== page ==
Some years ago, Bob Fecho challenged a classroom of young, Southern white women to defend mainstreaming novels by black authors into standard courses rather than celebrating them during Black History Month.
“My point was that without both, some students might assume the authors are white,” says Fecho, Professor of English Education. “But I didn’t ask for people’s thoughts.” Instead, he says, he should have induced “wobble,” or just enough “disequilibrium” to prompt reflection.
Teaching itself is learned by wobble, argues Fecho, who taught English for 24 years in a big North Philadelphia high school. In books such as “Is This English?” Race, Language, and Culture in the Classroom and Teaching for the Students: Habits of Heart, Mind, and Practice in the Engaged Classroom (both published by Teachers College Press), he describes striving for classes to “unpack texts for themselves” and “individually and collectively make meaning.”
Fecho once despaired of student essays about literature as either empty or convoluted. But influenced by educator Louise Rosenblatt, he came to view reading as a “transaction” with “text” co-created by each reader’s experiences and ideas: “If I wanted my students to take greater interest in their writing, I had to take greater interest in my students.”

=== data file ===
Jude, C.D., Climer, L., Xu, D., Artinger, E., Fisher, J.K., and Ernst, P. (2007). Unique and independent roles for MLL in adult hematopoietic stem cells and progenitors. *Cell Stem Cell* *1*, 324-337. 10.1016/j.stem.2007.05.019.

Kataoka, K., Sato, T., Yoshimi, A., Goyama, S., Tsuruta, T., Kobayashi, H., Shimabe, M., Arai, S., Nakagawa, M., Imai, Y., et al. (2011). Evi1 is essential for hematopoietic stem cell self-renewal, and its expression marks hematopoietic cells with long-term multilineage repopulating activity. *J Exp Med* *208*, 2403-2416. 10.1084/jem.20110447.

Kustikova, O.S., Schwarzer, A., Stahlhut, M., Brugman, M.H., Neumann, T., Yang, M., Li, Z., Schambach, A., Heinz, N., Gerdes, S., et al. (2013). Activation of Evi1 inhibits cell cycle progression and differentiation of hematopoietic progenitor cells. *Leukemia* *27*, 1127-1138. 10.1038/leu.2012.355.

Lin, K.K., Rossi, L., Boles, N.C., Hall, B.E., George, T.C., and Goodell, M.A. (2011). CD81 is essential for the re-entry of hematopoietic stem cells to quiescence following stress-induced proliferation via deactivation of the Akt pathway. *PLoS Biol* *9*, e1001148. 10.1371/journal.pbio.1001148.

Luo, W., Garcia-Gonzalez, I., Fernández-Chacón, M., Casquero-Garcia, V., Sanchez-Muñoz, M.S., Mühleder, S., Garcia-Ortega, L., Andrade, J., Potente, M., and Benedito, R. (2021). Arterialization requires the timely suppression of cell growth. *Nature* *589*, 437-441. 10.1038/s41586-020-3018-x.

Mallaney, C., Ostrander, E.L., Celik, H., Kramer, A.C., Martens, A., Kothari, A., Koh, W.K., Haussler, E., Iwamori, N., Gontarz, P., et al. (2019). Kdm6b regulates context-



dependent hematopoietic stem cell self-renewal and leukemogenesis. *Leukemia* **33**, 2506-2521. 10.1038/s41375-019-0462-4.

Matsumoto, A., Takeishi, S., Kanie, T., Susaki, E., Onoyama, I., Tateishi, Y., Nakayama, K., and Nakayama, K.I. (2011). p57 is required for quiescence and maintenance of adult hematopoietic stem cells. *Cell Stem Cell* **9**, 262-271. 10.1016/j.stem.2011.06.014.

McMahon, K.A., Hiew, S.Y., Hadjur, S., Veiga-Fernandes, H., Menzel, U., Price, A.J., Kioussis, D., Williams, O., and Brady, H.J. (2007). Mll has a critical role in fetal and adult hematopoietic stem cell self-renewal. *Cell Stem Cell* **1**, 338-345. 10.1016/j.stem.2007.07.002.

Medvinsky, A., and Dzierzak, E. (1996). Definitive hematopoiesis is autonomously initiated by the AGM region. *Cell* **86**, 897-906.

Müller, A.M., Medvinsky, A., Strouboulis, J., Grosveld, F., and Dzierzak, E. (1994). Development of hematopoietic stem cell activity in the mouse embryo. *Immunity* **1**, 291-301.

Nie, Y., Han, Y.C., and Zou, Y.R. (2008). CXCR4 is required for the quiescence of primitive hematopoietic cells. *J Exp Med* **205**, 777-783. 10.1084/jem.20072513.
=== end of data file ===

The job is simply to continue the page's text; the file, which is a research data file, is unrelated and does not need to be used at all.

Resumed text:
“We all belong to multiple cultures that include gender, sexual preference, class, interests in sports or the arts, and more. Culturally responsive pedagogy should respond to them all.”
— Bob Fecho, Professor of English Education
In the early 1990s, Philadelphia allowed its schools to divide into autonomous learning communities. Fecho’s group structured curricula around “essential questions” — for example, following clashes between Brooklyn’s blacks and Jews, the issue of how communities deal with change. The readings mixed journalism, fiction, poetry — whatever was germane.
“If you create a unit on dinosaurs, only some students will be interested,” Fecho explains. “But if you ask, ‘What does studying dinosaurs tell us about life today?’ they’ll see the cohesiveness of reading, writing, listening, speaking. They’ll learn about thinking and ethics” — a must for dis-affected teens who “could make money selling drugs and didn’t expect to live long.”
More recently, still interested in personal meaning-making, Fecho has taught the theories of the late Mikhail Bakhtin, who argued that “to make an utterance means to appropriate the words of others and populate them with one’s own intention.”
For Fecho, true “dialogic teaching” entails understanding the many “cultures” that shape students’ responses to others’ utterances and their intersection in the “cultural contact zone” of the classroom. “In this country, we conflate ‘culture’ with ‘race’ — but we all belong to multiple cultures that include gender, sexual preference, class, interests in sports or the arts, and more. Culturally responsive pedagogy should respond to them all.”